Maybe you've been there: You're dating someone for a while and he or she disappears, only to return a few months later, seemingly out of the blue, with a sly text, "Hey, how have you been?" It's pretty common, dating expert Bela Gandhi told TODAY, and now, there's even a name for it: zombie-ing. Gandhi has also heard it referred to as haunting. "Like a ghost (or a zombie!) comes back from the dead, they come back to haunt you," she said.
Do you wear the same pair of shoes every day? If so, it's time for a change. We're not saying that to be fashion snobs: Rotating your shoes can make them last longer, and it might also be better for your feet, experts say. Take shoes that have cushioning, such as running sneakers, for instance. "A lot of shoes have cushioning built into them, usually some sort of open-cell compression material," Dr. James Christina, CEO of the American Podiatric Medical Association, told TODAY.
Hey, Facebook is a busy place. But if you expect Mark Zuckerberg to rush back to the office after his daughter is born, think again. The social network CEO announced that he'll be taking two months of paternity leave when his daughter, his second girl with wife Priscilla Chan, arrives. "Our new daughter is coming soon so I'm planning to take two months of paternity leave," he wrote on Instagram. (Yes, he posted a longer statement on Facebook, too.)
Muck Rack makes it simple to find people, tweets, or articles that mention any name, keyword, company, hashtag etc. We've compiled this guide to help you make the most of your search.
Selecting a term
Start searching tweets, articles from media outlets, articles mentioned in tweets, journalists'
names, titles and bios with some suggested searches:
Companies or Topics (e.g. iPhone, Microsoft)
Phrases (e.g. "cloud computing") — use quotes to keep the terms together
Twitter handles (e.g. @username) — returns those who have mentioned or replied to
Names (e.g. "David Pogue")
Hashtags (e.g. #sxsw, #london2012)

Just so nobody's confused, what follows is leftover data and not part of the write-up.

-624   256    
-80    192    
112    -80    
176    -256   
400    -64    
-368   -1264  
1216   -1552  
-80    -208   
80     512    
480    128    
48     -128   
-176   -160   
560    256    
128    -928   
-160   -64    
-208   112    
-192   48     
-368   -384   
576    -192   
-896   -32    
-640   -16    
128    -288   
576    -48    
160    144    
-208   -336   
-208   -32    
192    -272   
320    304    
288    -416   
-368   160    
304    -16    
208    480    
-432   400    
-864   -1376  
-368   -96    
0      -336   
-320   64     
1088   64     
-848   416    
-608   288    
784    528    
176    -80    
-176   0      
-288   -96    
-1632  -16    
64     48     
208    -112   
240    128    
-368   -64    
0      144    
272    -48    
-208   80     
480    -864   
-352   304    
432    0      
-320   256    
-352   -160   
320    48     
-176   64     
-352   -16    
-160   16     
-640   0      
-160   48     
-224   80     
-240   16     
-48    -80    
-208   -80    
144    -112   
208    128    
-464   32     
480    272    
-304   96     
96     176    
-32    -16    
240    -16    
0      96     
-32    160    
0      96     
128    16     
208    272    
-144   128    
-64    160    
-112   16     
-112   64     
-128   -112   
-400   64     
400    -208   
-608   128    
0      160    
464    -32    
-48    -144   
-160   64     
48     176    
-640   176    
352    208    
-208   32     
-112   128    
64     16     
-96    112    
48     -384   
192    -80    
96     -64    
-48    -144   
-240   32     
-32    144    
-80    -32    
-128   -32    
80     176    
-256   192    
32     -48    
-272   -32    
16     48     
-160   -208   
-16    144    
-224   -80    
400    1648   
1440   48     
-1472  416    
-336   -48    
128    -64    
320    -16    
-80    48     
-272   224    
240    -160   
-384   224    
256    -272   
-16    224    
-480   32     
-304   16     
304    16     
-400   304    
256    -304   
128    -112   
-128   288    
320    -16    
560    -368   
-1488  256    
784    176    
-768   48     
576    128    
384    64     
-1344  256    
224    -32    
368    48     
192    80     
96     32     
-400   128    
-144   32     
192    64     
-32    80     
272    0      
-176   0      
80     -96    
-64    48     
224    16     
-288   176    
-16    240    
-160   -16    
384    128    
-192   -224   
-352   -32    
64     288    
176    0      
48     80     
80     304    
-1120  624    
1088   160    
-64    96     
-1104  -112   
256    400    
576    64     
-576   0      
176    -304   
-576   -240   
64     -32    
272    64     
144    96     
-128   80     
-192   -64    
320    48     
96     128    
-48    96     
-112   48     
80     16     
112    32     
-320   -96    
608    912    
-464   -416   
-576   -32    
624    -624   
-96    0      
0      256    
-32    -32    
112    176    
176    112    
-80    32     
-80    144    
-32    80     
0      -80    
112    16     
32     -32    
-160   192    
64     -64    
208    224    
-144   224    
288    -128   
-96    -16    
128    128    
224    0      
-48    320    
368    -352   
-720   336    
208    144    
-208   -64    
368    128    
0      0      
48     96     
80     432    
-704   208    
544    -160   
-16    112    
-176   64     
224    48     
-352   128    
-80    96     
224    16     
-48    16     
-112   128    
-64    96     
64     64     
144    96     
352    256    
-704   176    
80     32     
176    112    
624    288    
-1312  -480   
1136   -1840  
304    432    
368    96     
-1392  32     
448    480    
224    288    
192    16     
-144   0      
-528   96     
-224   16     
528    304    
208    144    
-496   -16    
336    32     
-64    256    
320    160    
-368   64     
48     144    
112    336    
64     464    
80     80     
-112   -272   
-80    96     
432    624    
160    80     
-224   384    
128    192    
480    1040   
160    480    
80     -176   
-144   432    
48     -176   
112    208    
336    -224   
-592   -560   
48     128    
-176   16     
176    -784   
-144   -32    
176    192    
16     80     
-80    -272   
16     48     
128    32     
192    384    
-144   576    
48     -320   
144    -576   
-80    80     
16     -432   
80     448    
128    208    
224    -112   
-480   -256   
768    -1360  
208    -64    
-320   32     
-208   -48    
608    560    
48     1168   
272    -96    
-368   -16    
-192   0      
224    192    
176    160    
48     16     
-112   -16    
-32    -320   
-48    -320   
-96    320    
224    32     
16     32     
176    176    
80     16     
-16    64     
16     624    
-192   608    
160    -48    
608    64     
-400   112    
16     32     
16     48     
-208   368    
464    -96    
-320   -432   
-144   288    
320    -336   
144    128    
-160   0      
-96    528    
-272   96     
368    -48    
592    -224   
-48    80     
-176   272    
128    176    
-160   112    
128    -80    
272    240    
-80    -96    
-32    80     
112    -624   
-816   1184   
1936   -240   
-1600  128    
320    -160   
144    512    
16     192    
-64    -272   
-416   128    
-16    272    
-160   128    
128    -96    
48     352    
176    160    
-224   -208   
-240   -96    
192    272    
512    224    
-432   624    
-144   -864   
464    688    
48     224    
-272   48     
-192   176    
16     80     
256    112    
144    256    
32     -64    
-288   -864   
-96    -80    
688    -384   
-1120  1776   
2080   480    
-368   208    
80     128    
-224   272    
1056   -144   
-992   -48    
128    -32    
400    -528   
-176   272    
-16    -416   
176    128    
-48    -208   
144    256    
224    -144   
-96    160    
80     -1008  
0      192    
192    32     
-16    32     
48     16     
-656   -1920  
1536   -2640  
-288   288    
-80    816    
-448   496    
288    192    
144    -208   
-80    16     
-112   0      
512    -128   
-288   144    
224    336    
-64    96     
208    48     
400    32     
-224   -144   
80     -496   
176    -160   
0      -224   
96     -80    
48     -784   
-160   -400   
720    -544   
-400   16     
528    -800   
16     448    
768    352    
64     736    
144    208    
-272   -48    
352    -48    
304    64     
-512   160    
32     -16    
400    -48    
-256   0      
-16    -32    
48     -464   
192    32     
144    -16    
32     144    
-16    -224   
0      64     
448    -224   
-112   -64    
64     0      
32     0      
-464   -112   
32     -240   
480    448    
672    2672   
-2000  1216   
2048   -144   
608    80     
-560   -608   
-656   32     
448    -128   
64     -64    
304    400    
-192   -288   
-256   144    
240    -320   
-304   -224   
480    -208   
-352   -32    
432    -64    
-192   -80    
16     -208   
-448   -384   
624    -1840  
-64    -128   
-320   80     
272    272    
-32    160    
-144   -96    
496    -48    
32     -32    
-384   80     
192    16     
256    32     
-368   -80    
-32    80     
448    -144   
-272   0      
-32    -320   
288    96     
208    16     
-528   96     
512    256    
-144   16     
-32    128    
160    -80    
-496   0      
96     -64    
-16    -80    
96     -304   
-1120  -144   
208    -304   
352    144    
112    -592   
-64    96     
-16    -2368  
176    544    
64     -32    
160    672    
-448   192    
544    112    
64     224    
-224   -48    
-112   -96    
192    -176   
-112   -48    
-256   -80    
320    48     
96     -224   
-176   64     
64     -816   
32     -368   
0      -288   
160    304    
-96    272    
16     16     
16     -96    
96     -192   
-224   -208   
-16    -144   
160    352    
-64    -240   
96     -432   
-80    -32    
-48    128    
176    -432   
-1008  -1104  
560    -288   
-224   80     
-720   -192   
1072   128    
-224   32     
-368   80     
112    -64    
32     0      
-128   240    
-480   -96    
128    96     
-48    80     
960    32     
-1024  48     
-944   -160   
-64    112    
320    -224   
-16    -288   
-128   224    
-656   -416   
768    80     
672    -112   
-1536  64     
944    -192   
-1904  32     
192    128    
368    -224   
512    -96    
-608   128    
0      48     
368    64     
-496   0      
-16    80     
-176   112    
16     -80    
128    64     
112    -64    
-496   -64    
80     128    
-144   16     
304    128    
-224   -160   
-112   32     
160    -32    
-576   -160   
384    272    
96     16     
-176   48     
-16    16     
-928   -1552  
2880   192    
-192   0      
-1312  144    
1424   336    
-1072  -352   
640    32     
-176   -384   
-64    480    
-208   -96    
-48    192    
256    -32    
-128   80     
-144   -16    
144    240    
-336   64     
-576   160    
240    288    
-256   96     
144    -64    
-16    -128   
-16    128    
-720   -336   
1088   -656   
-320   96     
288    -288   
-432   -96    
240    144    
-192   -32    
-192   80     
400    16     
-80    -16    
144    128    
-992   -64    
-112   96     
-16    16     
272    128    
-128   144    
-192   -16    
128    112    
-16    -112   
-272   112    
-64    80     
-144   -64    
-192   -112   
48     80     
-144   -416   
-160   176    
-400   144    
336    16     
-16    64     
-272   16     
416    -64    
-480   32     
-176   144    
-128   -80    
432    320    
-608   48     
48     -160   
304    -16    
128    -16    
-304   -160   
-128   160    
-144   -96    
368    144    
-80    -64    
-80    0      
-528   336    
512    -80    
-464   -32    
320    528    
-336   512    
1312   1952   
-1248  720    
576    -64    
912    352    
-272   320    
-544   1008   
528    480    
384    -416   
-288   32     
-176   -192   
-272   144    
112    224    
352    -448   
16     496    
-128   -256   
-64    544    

Bio details (e.g. vegan, Olympics, father)
Muck Rack's Advanced Search allows for many boolean operators.
Find results that mention multiple specified terms, use AND or
+. For example, ensure each result contains both Elon Musk and Mark Zuckerberg by
searching Obama AND Romney or Obama + Romney.
Use the operators OR or , to broaden your search when you'd like either of
multiple terms to appear in results. (This is the default behavior of our search when no operators
are used.) For example, search for democrat OR republican to find results that refer to
Democrats and/or Republicans.
Use NOT or - to subtract results from your search. For
example, searching Disney will yield results about the Walt Disney Company as well as Walt Disney
World Resort. To exclude mentions of Disney World, search for Disney -World or Disney
When using one of these operators with a phrase, enclose it in quotation marks. For example, you can
find results about smartphones excluding Apple's iPhone 4S by searching smartphone -"iPhone
Exact case matching or punctuation
If you're searching for a brand name or keyword that relies on specific punctuation marks or capitalization, you can
find results that match your exact query by adding matchcase: before the keyword you're searching for, like matchcase:E*TRADE .
Use parentheses to separate multiple
boolean phrases. For example, to find journalists talking about having fun in Disney World or
Disneyland, search for ("disney world" OR disneyland) AND fun.
An asterisk can be used to search for any variation of a root word truncated by the asterisk. For example, searching for admin* will return results for administrator, administration, administer, administered, etc.
A near operator is an AND operator where you can control the distance between the words. You can vary the distance the near operation uses by adding a forward slash and number (between 0-99) such as strawberries NEAR/10 "whipped cream", which means the strawberries must exist within 10 words of "whipped cream".